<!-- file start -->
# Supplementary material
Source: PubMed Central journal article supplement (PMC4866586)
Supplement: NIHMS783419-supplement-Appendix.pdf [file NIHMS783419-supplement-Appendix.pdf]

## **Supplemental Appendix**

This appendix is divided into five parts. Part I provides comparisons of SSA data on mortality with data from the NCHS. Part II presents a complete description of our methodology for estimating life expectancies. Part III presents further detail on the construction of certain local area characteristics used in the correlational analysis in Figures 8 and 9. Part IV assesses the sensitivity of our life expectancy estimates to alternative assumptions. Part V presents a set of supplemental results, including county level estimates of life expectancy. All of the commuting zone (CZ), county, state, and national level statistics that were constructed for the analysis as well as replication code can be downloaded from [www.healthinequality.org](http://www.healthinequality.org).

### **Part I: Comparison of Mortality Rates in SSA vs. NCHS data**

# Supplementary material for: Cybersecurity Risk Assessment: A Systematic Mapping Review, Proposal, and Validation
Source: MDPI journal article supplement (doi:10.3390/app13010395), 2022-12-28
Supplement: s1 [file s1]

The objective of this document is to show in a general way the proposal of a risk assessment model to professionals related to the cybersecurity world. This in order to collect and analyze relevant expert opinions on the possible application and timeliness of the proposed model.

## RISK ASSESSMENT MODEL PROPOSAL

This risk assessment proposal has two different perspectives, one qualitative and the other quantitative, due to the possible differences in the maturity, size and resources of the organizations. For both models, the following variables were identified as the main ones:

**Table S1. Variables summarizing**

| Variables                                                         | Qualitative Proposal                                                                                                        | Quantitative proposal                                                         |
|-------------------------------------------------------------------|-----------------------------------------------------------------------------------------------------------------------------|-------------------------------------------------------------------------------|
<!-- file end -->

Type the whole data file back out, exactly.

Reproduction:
# Supplementary material
Source: PubMed Central journal article supplement (PMC4866586)
Supplement: NIHMS783419-supplement-Appendix.pdf [file NIHMS783419-supplement-Appendix.pdf]

## **Supplemental Appendix**

This appendix is divided into five parts. Part I provides comparisons of SSA data on mortality with data from the NCHS. Part II presents a complete description of our methodology for estimating life expectancies. Part III presents further detail on the construction of certain local area characteristics used in the correlational analysis in Figures 8 and 9. Part IV assesses the sensitivity of our life expectancy estimates to alternative assumptions. Part V presents a set of supplemental results, including county level estimates of life expectancy. All of the commuting zone (CZ), county, state, and national level statistics that were constructed for the analysis as well as replication code can be downloaded from [www.healthinequality.org](http://www.healthinequality.org).

### **Part I: Comparison of Mortality Rates in SSA vs. NCHS data**

# Supplementary material for: Cybersecurity Risk Assessment: A Systematic Mapping Review, Proposal, and Validation
Source: MDPI journal article supplement (doi:10.3390/app13010395), 2022-12-28
Supplement: s1 [file s1]

The objective of this document is to show in a general way the proposal of a risk assessment model to professionals related to the cybersecurity world. This in order to collect and analyze relevant expert opinions on the possible application and timeliness of the proposed model.

## RISK ASSESSMENT MODEL PROPOSAL

This risk assessment proposal has two different perspectives, one qualitative and the other quantitative, due to the possible differences in the maturity, size and resources of the organizations. For both models, the following variables were identified as the main ones:

**Table S1. Variables summarizing**

| Variables                                                         | Qualitative Proposal                                                                                                        | Quantitative proposal                                                         |
|-------------------------------------------------------------------|-----------------------------------------------------------------------------------------------------------------------------|-------------------------------------------------------------------------------|